First keep your ammunition in a location that is DRY, COOL & DARK.
There is a right and wrong way to store ammunition? Some people may put their ammo in a car trunk or closet. However, this can lead to reliability and performance issues.
If your ammo is intended for personal protection, you most certainly want it to be 100% reliable and function properly. By following the proper storage procedures, it will help to insure your ammo functions reliably & correctly.
Following are steps regarding the dos and don’ts of storing ammo. If you deem it necessary to have loaded firearms for personal protection around it is best to fire and replace this ammo at reasonable intervals, not over a year being ideal.
After all, periodic practice will keep you proficient & improve marksmanship
Place It in a Secure Container
Safe ammunition home storage is every gun owner responsibility. Some military surplus ammo is available in vacuum packed sealed steel cans which open like a sardine can. Ammo stored like this in reasonable climatical conditions can last for many years. Even second world war ammo will fire if stored properly.
There are many convenient U.S. military surplus ammo cans available. Typically, these have a rubber gasket and camming lever which securely compress the seal when closed. Common sizes are 5.56mm, 7.62. (.30 Cal), .50 cal. plus some larger ones for mortar rounds etc. These U.S. surplus ammo cans provide a durable, moisture resistant barrier that helps to keep your ammo safe and protected from the elements. It is felt these U.S. cans are great storage receptacle, if kept in reasonable climatic conditions.
There are some cheap Chinese knock off ammo cans on the market, far too much China stuff is junk, let the buyer beware, you get what you pay for. If small children have access to areas of ammo storage it is best to have the containers locked up or at least un-accessible.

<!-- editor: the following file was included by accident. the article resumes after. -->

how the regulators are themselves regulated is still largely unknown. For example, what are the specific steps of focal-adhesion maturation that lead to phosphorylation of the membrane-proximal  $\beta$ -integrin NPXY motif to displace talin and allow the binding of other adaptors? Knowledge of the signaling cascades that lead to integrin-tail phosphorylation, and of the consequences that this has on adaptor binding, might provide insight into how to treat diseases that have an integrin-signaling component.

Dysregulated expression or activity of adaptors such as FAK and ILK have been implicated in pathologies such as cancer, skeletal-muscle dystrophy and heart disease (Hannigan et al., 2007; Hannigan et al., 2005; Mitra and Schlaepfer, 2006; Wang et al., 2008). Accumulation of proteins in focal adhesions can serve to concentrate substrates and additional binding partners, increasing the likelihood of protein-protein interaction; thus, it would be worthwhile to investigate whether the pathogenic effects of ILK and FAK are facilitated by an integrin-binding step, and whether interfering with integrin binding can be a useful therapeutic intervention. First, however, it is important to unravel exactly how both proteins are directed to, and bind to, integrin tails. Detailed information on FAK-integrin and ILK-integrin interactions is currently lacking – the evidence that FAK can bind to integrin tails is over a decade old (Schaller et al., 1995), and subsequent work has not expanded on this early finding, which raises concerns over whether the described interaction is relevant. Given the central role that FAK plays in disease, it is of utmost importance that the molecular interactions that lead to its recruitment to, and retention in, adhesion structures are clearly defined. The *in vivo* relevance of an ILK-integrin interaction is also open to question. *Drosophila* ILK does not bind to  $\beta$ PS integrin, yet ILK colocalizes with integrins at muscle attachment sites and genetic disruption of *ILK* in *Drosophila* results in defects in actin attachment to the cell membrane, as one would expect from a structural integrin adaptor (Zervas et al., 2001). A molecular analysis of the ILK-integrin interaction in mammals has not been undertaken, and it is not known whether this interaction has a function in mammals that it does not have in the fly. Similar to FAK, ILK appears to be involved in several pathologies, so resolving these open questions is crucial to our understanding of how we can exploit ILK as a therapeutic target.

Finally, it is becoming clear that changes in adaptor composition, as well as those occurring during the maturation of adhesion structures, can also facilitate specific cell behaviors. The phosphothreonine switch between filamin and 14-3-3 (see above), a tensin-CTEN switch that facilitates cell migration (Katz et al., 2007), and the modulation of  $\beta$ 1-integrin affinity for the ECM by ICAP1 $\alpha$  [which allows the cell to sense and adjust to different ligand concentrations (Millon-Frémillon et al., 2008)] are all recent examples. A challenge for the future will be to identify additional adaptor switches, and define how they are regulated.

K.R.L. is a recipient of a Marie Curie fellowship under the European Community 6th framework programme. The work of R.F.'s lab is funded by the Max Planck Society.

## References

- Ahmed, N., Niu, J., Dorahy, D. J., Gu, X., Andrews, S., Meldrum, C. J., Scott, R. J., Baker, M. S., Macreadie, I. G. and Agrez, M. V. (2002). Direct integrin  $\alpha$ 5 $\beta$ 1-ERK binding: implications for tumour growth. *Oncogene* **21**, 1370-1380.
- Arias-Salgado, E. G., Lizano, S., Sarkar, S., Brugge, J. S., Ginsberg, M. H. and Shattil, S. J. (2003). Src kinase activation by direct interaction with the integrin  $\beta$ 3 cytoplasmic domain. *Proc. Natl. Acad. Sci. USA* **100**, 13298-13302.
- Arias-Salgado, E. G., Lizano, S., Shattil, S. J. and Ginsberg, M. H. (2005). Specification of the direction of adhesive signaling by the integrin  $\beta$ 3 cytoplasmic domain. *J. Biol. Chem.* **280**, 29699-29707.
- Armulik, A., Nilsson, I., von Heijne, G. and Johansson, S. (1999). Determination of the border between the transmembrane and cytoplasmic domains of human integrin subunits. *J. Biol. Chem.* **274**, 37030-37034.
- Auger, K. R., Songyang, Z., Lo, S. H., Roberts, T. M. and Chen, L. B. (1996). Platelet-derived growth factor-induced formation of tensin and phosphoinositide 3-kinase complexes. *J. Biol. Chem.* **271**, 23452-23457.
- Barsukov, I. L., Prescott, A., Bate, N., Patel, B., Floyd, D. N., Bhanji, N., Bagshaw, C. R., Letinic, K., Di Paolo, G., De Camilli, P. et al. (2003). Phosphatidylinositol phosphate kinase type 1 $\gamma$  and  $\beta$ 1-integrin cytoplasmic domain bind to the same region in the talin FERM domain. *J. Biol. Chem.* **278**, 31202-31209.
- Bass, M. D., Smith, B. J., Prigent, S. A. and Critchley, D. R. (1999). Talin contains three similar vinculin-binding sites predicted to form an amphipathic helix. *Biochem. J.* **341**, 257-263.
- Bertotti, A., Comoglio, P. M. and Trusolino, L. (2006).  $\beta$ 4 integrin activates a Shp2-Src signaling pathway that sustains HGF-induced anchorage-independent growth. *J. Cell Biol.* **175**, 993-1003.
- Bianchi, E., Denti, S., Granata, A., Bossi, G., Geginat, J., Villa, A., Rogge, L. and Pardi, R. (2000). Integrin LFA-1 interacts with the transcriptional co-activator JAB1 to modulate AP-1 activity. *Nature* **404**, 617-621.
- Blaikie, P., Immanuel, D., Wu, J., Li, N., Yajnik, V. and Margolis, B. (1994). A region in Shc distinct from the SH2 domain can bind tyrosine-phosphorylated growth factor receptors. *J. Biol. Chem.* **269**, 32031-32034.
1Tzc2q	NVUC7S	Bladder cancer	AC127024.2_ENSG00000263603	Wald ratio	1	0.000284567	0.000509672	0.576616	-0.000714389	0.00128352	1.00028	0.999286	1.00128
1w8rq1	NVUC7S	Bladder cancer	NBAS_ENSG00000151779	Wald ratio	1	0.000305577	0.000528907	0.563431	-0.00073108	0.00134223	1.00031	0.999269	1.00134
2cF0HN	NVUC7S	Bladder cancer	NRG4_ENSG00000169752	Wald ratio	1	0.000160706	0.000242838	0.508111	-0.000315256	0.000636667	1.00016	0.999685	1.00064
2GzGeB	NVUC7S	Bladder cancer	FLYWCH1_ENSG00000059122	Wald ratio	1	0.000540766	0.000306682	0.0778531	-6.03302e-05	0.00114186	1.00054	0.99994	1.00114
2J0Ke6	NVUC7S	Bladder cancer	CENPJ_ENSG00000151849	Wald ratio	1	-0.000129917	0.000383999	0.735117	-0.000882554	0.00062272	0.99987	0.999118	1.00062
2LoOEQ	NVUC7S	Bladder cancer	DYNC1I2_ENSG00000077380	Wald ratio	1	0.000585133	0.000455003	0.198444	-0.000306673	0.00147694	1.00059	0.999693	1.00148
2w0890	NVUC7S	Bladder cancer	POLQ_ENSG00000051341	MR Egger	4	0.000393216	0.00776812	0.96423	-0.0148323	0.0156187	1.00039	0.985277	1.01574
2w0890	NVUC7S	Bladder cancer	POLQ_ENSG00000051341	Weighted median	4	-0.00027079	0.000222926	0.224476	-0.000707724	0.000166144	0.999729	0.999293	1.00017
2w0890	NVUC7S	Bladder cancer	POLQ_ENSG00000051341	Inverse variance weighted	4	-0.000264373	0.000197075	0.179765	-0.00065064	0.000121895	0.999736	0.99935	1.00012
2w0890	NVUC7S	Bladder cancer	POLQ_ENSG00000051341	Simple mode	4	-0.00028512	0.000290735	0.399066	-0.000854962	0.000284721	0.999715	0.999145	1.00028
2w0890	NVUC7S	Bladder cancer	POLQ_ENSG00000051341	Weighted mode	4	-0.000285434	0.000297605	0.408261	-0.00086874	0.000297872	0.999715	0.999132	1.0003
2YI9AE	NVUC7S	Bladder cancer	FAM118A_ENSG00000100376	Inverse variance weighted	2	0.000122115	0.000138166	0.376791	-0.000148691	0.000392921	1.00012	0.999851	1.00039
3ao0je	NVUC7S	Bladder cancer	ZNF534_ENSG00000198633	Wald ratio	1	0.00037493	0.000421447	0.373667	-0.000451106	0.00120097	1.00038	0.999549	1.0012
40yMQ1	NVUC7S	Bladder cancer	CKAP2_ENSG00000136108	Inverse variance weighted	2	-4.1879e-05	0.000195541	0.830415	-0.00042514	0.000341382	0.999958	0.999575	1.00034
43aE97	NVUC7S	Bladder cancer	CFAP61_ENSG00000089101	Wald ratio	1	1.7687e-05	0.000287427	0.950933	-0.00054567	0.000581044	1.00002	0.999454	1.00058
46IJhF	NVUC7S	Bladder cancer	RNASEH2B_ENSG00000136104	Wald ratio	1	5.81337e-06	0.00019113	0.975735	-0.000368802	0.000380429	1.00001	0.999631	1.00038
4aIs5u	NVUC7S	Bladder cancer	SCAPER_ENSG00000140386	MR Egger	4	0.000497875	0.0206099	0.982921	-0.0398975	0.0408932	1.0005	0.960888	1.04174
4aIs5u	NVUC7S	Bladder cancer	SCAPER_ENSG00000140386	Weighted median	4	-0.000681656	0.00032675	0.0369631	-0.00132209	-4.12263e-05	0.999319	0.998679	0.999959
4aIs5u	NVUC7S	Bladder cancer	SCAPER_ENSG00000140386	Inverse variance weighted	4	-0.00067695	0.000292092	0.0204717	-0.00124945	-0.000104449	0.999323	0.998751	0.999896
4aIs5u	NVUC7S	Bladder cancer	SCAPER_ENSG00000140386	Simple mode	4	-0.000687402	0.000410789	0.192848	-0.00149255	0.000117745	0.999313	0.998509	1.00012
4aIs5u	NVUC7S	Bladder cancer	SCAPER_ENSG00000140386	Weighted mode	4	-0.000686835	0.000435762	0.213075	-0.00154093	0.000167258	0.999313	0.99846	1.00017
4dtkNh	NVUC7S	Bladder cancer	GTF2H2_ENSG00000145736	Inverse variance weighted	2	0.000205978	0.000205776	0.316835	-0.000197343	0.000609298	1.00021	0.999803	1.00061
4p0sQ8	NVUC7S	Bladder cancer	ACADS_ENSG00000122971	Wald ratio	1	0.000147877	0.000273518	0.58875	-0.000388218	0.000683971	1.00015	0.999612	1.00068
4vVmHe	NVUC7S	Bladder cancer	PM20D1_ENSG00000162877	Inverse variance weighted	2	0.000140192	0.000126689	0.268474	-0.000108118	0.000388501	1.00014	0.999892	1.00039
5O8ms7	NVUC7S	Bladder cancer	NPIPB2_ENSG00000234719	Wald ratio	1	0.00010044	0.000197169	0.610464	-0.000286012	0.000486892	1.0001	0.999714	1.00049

Obviously unless ammo cans are under lock and key, they aren’t burglar proof. You must determine convenient access and security measures for your situation.
There are quite a few commercial plastic ammo boxes available, used often by those reloading ammo. Typically, these are available to hold 20, 50 and even 100 rounds. While these are excellent for organization, they are not air tight. In most climates this won’t affect ammo performance for reasonable periods.
That said if you live in a high humidity area opt for the U.S. Ammo cans for the outer container and if desired smaller boxes for ammo inside. If factory ammo, the heavy card stock boxes as purchased are good just put them inside the steel ammo cans.
Also have some form of desiccant inside the metal box. Those storing guns in a safe may also want some or most of their ammo secured inside, desiccants will benefit both firearms and ammo
Excessive humidity can cause ammunition corrosion, or misfires. High humidity over time if it migrates inside the ammo can cause the powder to become clumpy resulting in squib or misfires.
It is best to maintain a reasonably consistent humidity level when storing ammunition. Low humidity helps prevent corrosion of the bullets, casing or shell.
Properly stored you can be sure ammo will be in optimal condition when needed.
Avoid Extreme Temperatures
Ammunition is sensitive to extreme temperature variations. Heat can cause nitrocellulose &/or nitroglycerine, the bang agent(s), in ammo to deteriorate again possibly resulting in squib or misfires. Keeping your ammunition away from extreme temperatures will help to prolong its shelf life. Avoid storing ammo in an area that experiences extreme heat, high humidity, or temperature fluctuations. These conditions cause deterioration.